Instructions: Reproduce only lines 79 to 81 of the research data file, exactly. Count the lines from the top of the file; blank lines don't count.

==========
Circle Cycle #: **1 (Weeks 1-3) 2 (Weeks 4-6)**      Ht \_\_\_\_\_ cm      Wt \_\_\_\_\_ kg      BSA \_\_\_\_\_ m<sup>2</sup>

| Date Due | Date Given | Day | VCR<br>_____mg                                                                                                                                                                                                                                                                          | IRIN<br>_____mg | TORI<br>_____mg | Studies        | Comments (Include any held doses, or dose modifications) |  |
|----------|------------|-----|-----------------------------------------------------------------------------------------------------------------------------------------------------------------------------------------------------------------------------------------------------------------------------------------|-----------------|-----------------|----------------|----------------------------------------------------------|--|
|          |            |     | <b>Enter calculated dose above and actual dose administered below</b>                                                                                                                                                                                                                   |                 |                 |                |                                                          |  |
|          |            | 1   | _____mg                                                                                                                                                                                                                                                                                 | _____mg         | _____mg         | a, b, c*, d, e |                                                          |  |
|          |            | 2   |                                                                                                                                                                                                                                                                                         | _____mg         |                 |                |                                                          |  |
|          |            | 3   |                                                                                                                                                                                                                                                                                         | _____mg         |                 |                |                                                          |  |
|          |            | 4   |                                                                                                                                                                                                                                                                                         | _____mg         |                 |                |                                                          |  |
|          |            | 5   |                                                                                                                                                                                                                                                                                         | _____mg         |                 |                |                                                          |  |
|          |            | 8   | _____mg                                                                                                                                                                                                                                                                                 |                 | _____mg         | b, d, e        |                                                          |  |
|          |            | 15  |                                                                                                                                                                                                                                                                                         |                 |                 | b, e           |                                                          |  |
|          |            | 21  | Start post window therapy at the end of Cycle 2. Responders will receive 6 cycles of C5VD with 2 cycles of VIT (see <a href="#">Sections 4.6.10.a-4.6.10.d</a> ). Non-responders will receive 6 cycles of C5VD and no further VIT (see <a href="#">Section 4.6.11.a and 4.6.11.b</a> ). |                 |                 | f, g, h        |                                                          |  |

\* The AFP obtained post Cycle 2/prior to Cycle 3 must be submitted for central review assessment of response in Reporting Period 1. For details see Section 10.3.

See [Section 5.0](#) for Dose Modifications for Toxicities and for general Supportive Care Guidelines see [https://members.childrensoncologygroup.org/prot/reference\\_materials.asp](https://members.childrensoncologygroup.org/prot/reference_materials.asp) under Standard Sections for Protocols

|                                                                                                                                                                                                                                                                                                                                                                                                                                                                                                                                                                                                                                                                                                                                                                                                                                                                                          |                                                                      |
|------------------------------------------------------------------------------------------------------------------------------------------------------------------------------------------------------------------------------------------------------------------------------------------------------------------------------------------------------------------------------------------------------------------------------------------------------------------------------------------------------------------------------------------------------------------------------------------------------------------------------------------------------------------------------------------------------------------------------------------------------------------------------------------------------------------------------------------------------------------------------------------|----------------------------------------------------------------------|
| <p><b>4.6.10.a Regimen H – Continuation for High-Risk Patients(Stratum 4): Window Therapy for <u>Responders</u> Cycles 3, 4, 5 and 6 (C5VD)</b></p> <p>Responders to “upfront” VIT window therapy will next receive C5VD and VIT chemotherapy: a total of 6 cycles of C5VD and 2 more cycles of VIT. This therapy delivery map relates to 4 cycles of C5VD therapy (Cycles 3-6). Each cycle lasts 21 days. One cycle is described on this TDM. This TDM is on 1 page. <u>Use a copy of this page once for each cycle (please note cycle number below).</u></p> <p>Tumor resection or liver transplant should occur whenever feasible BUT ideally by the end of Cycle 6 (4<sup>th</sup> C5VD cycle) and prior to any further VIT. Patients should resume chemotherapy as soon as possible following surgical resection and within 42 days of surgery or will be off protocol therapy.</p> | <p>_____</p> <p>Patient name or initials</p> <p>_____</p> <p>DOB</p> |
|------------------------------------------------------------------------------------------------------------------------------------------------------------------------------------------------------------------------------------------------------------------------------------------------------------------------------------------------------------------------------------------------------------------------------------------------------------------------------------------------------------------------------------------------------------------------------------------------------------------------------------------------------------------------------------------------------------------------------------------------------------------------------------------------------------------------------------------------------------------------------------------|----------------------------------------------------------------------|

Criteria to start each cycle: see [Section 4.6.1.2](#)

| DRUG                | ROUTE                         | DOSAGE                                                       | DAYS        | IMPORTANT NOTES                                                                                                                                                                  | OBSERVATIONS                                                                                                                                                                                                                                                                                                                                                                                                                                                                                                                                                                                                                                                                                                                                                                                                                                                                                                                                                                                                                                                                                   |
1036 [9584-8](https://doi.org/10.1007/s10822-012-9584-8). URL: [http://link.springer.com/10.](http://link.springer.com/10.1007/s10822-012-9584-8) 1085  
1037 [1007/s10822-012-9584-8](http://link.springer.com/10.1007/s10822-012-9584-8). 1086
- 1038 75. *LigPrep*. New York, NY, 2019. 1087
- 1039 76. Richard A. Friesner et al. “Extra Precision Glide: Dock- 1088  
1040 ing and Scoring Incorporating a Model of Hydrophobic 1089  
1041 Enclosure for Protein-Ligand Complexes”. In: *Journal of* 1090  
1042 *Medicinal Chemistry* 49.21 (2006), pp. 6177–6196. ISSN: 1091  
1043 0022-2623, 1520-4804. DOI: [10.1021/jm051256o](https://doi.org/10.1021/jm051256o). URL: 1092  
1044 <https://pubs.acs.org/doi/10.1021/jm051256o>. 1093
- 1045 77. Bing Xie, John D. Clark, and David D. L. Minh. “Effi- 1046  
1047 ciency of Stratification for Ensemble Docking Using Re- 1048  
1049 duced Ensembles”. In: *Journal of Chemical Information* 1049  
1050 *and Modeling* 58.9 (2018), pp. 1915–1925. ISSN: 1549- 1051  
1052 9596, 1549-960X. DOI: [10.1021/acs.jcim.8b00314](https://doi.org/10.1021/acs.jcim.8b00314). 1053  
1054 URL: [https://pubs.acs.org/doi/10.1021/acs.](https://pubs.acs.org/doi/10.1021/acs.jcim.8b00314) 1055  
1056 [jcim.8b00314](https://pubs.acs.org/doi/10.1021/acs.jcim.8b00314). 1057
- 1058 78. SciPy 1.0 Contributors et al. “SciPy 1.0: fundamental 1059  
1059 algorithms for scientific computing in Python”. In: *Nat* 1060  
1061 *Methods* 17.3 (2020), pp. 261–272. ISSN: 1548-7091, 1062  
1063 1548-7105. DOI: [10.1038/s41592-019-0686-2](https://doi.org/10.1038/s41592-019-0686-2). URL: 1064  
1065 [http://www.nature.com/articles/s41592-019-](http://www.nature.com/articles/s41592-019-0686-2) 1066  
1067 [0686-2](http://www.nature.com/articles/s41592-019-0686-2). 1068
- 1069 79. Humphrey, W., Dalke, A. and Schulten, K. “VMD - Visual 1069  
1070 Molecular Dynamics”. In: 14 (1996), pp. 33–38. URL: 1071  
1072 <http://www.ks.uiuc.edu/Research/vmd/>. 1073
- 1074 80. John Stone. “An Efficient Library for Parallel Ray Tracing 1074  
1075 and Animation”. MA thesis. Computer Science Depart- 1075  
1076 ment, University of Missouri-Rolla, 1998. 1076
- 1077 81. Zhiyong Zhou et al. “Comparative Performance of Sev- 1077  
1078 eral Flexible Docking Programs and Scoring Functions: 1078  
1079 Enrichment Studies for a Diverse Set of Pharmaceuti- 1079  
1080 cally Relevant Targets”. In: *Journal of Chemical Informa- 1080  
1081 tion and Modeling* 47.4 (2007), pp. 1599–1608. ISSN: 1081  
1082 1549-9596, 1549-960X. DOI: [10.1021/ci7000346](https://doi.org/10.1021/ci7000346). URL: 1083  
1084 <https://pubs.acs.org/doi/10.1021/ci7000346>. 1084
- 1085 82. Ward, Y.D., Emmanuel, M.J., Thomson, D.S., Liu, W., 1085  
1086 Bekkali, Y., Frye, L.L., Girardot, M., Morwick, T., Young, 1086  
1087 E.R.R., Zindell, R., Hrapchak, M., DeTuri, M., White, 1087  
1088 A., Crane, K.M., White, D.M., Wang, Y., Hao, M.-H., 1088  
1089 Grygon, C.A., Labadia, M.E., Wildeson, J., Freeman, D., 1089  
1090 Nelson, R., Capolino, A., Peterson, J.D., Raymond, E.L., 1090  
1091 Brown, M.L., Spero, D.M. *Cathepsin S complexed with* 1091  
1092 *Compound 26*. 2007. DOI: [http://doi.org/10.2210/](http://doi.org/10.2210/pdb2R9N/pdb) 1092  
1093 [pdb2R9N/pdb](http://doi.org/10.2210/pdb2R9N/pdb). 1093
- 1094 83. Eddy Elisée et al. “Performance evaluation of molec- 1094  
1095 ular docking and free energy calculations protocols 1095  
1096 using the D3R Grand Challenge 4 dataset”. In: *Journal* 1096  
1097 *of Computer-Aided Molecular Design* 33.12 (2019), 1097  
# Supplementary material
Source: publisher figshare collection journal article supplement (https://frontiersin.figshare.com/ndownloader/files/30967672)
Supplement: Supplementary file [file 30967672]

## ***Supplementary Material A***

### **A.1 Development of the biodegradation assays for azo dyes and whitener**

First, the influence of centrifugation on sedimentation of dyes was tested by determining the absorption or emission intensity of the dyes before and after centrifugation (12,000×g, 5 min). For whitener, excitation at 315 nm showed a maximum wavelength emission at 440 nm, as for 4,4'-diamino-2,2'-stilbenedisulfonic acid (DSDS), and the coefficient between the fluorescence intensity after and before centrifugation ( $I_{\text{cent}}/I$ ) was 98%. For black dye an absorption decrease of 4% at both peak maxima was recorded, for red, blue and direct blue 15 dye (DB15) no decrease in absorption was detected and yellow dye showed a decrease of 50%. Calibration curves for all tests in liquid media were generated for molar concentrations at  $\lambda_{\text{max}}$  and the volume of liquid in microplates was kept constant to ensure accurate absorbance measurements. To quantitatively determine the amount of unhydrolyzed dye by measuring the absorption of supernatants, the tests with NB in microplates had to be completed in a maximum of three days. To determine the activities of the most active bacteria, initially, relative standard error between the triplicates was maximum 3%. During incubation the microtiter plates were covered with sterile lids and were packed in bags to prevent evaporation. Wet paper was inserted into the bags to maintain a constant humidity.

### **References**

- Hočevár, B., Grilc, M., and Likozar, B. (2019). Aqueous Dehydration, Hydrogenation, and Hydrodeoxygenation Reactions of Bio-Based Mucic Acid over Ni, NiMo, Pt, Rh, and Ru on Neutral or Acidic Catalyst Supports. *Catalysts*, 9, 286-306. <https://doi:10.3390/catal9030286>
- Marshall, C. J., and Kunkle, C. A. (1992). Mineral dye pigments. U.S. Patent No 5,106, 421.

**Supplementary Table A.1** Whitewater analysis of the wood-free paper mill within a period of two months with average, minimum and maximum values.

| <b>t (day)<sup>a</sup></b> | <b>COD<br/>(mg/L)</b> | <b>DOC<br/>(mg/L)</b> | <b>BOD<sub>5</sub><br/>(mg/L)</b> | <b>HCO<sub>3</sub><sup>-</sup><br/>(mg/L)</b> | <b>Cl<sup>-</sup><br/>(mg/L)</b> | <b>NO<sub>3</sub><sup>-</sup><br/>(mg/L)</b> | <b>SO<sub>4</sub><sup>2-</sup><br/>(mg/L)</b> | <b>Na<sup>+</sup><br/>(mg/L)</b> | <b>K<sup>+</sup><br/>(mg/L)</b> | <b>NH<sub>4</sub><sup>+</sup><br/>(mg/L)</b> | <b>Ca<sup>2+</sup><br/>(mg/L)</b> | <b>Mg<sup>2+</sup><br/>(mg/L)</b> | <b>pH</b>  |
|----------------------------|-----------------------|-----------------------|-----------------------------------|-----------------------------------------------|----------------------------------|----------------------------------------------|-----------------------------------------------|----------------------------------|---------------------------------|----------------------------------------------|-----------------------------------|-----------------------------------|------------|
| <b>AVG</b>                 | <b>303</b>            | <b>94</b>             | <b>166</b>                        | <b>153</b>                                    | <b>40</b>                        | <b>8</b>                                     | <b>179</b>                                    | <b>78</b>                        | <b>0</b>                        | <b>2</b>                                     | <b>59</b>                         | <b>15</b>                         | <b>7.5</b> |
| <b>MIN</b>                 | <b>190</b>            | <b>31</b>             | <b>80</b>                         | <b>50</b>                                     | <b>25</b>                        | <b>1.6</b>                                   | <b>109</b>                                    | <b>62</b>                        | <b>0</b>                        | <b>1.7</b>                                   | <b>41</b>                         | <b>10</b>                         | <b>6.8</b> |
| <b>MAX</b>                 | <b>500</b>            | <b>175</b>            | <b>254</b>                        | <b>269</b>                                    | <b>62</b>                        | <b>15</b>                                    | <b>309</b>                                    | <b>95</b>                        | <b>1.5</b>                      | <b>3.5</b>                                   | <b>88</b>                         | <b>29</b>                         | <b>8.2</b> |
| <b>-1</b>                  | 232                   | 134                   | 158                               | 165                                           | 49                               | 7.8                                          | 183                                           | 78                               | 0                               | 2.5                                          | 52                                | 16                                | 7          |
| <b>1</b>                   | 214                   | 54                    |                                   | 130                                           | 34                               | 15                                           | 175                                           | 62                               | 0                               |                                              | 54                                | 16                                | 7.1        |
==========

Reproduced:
| <b>t (day)<sup>a</sup></b> | <b>COD<br/>(mg/L)</b> | <b>DOC<br/>(mg/L)</b> | <b>BOD<sub>5</sub><br/>(mg/L)</b> | <b>HCO<sub>3</sub><sup>-</sup><br/>(mg/L)</b> | <b>Cl<sup>-</sup><br/>(mg/L)</b> | <b>NO<sub>3</sub><sup>-</sup><br/>(mg/L)</b> | <b>SO<sub>4</sub><sup>2-</sup><br/>(mg/L)</b> | <b>Na<sup>+</sup><br/>(mg/L)</b> | <b>K<sup>+</sup><br/>(mg/L)</b> | <b>NH<sub>4</sub><sup>+</sup><br/>(mg/L)</b> | <b>Ca<sup>2+</sup><br/>(mg/L)</b> | <b>Mg<sup>2+</sup><br/>(mg/L)</b> | <b>pH</b>  |
|----------------------------|-----------------------|-----------------------|-----------------------------------|-----------------------------------------------|----------------------------------|----------------------------------------------|-----------------------------------------------|----------------------------------|---------------------------------|----------------------------------------------|-----------------------------------|-----------------------------------|------------|
| <b>AVG</b>                 | <b>303</b>            | <b>94</b>             | <b>166</b>                        | <b>153</b>                                    | <b>40</b>                        | <b>8</b>                                     | <b>179</b>                                    | <b>78</b>                        | <b>0</b>                        | <b>2</b>                                     | <b>59</b>                         | <b>15</b>                         | <b>7.5</b> |